Rethinking Outsourcing: Emerging Quality Issues
Outsourcing problems have surfaced in developing countries, leading to the (correct) perception that it’s a risky business. But the focus should not be on nations. Rather, it should be on rethinking the outsourcing model to understand what works best
Issue Date - 15/12/2011
It is difficult to pick up a newspaper without finding articles showing how some firm has experienced serious quality problems due to outsourcing. Outsourcing to developing countries has been a trend for decades. But recent events show that outsourcing can be a risky venture. Mattel has recalled millions of toys due to leaded paint – when in fact, they had provided their standard paint to a long-term, trusted supplier who used leaded paint anyway. RC2 Corp., the company that makes Thomas the Train toys had to recall several models for leaded paint. Interestingly they rewarded affected customers with a free toy for their troubles and ended up having to recall the free toy for leaded paint!
It should be recognized that this is not just an international outsourcing problem. Similar things could happen to firms who outsource anywhere – across the street or across the world. The issue is not one nation. It is outsourcing. It is clear that we need to rethink outsourcing practices and implement new quality practices to mitigate the loss of control associated with outsourcing.
Changing the focus from cost to quality
In point 4 of his 14 points for management, Deming stated, “End the practice of awarding business on the basis of price tag alone. Instead, minimise total costs.” These words seem more prescient now than when they were first written. It appears that the primary motivation for many firms outsourcing production has been to take advantage of lower labor, land, and production costs. However, many firms have found that moving overseas is not always cheap when the entire array of life cycle costs for products and services are considered.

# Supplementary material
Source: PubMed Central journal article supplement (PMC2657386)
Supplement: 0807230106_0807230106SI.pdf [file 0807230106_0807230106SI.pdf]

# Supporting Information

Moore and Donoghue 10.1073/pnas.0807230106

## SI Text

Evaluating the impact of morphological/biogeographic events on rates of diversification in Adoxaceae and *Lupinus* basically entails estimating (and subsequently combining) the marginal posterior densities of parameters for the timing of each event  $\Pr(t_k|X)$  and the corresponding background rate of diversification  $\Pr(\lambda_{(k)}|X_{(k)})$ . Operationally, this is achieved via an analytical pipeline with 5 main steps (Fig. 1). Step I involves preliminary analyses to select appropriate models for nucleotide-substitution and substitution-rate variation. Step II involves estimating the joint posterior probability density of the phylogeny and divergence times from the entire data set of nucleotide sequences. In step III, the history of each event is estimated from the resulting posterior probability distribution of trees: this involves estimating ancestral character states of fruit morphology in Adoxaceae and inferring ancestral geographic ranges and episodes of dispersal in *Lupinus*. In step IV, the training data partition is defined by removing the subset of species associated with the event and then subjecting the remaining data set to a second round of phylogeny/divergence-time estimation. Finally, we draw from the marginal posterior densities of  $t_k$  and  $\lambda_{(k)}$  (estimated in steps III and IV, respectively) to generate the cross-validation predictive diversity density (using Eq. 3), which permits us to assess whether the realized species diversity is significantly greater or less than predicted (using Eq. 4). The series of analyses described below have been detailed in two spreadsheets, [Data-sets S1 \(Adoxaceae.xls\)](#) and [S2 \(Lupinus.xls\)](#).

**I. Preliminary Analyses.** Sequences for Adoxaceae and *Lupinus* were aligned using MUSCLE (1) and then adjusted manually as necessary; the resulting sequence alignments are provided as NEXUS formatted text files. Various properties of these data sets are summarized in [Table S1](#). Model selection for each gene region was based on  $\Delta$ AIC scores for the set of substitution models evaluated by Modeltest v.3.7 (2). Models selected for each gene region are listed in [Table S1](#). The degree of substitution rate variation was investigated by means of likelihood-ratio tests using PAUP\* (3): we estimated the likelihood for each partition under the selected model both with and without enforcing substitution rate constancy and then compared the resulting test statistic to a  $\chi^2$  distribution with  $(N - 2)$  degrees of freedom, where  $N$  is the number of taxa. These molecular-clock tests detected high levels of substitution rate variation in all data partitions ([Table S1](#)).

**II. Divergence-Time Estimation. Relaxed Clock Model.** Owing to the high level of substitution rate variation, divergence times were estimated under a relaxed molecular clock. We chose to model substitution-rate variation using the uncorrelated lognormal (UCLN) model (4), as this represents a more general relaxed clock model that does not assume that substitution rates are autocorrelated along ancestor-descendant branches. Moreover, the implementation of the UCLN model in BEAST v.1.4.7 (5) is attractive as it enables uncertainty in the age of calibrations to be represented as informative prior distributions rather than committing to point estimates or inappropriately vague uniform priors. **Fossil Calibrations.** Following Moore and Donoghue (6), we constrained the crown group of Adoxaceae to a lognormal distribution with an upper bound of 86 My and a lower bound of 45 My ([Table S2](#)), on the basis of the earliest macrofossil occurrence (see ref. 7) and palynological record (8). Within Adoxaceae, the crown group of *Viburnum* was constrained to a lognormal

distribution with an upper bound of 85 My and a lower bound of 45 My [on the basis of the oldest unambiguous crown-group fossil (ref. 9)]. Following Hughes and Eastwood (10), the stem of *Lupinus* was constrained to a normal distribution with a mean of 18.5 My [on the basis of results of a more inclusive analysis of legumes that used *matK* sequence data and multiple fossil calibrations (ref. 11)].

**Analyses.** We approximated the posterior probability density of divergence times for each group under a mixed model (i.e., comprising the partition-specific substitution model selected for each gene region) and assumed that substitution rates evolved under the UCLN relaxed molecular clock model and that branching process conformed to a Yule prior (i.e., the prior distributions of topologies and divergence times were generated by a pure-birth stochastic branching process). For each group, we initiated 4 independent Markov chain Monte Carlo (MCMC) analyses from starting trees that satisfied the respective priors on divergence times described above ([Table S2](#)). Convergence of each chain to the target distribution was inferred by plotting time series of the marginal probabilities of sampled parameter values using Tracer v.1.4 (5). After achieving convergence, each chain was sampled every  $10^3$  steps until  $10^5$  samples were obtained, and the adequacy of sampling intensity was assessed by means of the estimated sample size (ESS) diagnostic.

Firms outsourcing place tremendous pressure for low cost on their suppliers. This external pressure, when coupled with internal and external pressures to turn profits, will inevitably lead to cutting of corners. Realize that the same rules apply to suppliers overseas as domestic suppliers – these are partners. We do not want our partners to go broke. Otherwise, it is not a true partnership. Negotiated costs should include room for the supplier to succeed without cutting corners.
Firms who win in outsourcing internationally will be those companies who understand that quality is of primary importance – coupled with price. This is what is termed a value proposition. Customers will not return to a company or retail chain that provides a poor value proposition. To do this properly, you must know your suppliers and enhance their performance through development and partnering. Below are some keys to improving your results from outsourcing.
Know your cores
Core competencies: Business strategists have long maintained that the primary consideration in deciding whether or not to outsource was to know your core competencies. It’s suicidal to outsource a core competency as a firm would hollow itself out to the extent of becoming uncompetitive.
Core processes: Firms have core processes. They help to distinguish a firm and can provide a foundation for competitive advantage. When we outsource, we may lose capabilities or special inherent abilities that will not be recovered. Again, this may be a manufacturing process or a service process. Core processes can possibly be outsourced. But it can be detrimental to competitiveness.
Core products: Every company has signature products or services. These are flagships for the company that must adhere to the highest standards of quality and performance. For example, Harman Corporation of Sandy, Utah, a producer of special effects products for guitarists, chooses to make all of its new products in-house. They want to ensure that these products get to market with reliability and design conformance. Once they have proven their processes and their products are mature in the market, they have the option of moving production of legacy products to Korea or China. This also protects them from IP considerations that sometimes emerge from producing in countries where IP is less protected.
Core markets: We need to understand our key customers and take great care of products & services that serve them. Markets consist of customers in certain demographics who have supported the company over the years. A type of social contract exists with these customers. When trust and that social contract is damaged, customers are lost permanently, thereby damaging reputation & future prospects.
Know your quality costs
In the current interconnected world of outsourcing, the prevention, appraisal and failure (PAF) categorizations of quality costs may not encompass all of our quality-related exposures. Supply chain costs must be considered. Traditionally, supply chain costs have focused on shipping and total cost of ownership. However, supply chain costs must also include exposure due to loss of control. Therefore, we must comprehensively quantify costs of outsourcing. These may include increased liability, increased supplier development, increased monitoring and an increased probability of lost goodwill. If we outsource non-core processes, products & markets, costs will be less.
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